c) Installing Burp’s CA Certificate in an Android Device

  • Open up the browser in the Android device and type “http://burp/”. Burp suite’s page will open. Now click on the “CA Certificate” button in the top right corner.

  • Or you can download the cert on your computer and can add it to your device using $ adb push (path of certificate) /sdcard/Download
  • The default format of Burp’s CA certificate is “.der” format, but android does not support the “.der” format for certificate installation.
  • Navigate to the downloaded file and rename it to “burp.cer.”

  • Install the certificate by navigating to Settings → Security → Install certificate from SD cards.

  • Let's verify if it's working perfectly.

  • And it works perfectly as the request is sent through the Burp Suite.

Bypassing SSL Pinning on Android

SSL pinning: allows the application to only trust the valid or pre-defined certificate or Public Key. Developers use SSL pinning technique as an additional security layer for application traffic. In the SSL Pinning implementation, the application does not trust custom certificates and does not allow proxy tools to intercept the traffic.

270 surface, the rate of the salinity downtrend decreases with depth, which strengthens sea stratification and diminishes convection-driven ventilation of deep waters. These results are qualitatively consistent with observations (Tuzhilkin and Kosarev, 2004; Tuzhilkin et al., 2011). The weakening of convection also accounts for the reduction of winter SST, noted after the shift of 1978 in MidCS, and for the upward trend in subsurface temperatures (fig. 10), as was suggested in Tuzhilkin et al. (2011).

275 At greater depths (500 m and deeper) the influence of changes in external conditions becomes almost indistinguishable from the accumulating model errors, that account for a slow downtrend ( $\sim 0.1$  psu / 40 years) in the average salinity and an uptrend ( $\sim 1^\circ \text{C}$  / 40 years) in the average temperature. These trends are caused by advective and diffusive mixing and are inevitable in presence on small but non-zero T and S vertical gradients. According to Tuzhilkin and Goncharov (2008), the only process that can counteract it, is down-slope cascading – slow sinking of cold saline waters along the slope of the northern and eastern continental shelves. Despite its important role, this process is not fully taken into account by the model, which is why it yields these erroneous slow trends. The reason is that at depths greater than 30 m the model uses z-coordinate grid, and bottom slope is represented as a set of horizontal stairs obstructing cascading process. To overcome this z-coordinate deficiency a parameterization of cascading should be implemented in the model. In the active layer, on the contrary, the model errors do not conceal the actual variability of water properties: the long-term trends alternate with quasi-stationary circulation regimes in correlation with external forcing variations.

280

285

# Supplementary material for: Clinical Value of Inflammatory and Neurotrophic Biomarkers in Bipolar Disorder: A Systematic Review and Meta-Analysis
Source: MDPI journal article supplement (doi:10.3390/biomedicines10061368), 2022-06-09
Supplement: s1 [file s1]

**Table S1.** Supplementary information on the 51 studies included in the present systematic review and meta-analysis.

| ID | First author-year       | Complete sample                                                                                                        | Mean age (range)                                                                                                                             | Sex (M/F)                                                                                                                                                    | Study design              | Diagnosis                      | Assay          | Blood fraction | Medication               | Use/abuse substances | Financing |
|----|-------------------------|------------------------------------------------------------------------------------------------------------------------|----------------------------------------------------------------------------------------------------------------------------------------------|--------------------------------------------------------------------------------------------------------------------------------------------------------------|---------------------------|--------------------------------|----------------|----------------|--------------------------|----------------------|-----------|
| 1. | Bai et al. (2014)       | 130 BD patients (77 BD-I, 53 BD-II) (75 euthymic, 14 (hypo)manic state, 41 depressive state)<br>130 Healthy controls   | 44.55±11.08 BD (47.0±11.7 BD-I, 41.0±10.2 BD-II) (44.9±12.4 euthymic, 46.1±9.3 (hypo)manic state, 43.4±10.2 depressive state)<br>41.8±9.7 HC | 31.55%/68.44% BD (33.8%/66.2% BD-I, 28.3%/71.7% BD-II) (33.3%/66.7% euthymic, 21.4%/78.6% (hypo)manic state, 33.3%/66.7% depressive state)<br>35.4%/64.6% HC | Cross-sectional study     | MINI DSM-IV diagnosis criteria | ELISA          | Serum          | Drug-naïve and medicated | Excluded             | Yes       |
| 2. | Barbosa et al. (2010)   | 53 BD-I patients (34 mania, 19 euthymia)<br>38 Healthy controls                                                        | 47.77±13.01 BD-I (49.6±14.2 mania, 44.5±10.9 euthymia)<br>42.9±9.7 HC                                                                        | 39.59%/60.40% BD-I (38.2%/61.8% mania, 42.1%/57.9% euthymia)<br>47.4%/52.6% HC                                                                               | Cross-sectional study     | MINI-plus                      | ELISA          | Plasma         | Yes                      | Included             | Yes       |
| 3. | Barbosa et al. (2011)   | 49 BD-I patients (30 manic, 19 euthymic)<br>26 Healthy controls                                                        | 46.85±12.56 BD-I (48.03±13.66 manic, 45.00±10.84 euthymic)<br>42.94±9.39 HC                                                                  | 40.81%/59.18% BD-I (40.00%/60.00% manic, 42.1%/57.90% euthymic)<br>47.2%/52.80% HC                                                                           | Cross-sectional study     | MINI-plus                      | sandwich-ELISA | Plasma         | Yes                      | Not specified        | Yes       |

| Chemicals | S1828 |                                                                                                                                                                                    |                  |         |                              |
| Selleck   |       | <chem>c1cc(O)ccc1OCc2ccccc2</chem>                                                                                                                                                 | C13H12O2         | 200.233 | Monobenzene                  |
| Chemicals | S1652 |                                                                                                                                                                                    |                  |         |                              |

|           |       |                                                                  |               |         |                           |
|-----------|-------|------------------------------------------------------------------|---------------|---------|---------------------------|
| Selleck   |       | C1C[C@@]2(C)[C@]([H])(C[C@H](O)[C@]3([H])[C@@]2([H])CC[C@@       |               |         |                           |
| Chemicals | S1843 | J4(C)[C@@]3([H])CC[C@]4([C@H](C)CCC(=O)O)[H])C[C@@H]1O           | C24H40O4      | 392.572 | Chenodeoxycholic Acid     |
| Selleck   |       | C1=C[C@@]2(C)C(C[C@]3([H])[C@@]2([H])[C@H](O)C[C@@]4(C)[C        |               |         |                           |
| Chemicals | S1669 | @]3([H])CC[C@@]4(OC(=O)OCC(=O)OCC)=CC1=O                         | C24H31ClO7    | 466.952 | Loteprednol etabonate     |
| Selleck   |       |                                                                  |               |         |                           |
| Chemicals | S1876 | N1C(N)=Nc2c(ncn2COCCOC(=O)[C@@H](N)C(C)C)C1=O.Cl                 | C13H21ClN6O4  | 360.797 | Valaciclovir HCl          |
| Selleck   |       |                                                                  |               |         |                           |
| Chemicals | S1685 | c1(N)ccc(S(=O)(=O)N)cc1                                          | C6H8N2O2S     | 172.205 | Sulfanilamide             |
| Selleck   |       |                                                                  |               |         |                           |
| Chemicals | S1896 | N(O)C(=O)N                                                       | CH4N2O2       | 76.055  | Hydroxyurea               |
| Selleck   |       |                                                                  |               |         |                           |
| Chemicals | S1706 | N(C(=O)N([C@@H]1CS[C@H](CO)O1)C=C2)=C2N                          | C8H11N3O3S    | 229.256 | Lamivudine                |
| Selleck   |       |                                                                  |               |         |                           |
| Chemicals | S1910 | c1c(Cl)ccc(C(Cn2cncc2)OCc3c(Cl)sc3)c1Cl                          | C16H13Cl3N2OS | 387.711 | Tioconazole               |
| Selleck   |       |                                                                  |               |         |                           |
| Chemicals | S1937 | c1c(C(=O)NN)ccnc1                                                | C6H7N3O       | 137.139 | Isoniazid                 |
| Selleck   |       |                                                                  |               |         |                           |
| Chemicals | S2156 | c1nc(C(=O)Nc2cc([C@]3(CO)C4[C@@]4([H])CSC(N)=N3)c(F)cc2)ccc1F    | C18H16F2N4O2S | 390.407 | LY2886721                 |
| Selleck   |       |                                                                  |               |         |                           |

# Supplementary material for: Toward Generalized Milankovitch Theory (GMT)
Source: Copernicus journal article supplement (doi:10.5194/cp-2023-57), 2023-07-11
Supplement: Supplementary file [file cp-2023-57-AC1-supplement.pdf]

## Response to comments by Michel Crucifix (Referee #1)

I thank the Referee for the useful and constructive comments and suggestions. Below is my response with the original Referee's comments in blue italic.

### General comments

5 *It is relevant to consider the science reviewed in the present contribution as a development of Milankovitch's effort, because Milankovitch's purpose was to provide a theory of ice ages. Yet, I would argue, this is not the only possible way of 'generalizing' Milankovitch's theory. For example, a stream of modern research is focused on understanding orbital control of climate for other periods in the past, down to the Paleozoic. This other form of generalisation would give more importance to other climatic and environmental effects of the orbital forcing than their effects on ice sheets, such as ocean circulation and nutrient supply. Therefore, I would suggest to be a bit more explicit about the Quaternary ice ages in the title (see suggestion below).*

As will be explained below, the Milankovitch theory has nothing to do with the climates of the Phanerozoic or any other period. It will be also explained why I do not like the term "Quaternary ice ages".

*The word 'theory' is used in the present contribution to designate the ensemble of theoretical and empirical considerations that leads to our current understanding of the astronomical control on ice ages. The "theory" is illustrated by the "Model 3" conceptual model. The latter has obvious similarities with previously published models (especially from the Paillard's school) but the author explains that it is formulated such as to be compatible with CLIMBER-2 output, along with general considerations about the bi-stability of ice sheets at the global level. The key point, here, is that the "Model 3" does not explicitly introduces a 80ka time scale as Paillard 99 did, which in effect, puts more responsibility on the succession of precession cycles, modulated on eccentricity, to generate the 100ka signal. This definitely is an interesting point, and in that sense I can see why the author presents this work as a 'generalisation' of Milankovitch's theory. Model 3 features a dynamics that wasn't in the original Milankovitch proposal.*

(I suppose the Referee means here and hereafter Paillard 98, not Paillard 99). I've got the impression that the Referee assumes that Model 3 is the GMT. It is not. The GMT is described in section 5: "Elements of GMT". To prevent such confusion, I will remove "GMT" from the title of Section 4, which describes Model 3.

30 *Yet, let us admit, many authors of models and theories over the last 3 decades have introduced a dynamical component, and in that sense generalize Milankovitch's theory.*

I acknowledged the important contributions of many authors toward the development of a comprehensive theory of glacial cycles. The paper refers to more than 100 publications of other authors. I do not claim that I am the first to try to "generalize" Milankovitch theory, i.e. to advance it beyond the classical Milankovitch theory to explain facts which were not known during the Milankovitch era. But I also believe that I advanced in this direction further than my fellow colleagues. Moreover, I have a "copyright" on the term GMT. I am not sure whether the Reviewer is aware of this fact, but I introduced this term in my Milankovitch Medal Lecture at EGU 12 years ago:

Frida is a dynamic instrumentation toolkit that is used to inject snippets of javascript into the application running process, where your JS gets executed with full access to memory, hooking functions, and even calling native functions inside the process. Using Frida we can Bypass security controls like SSLPinning and Root detection and other business logic implementations.

  1. SSL pinning bypass using Frida

Frida client $ pip install frida-tools

  • The above command installs the latest version of Frida client on your computer.
  • Now deploy the Frida server in the android system.
  • Before downloading the Frida server check for the existing frida version on the client. $ frida --version:

  • Find your android device architecture $ adb shell getprop ro.product.cpu.abi

Frida Server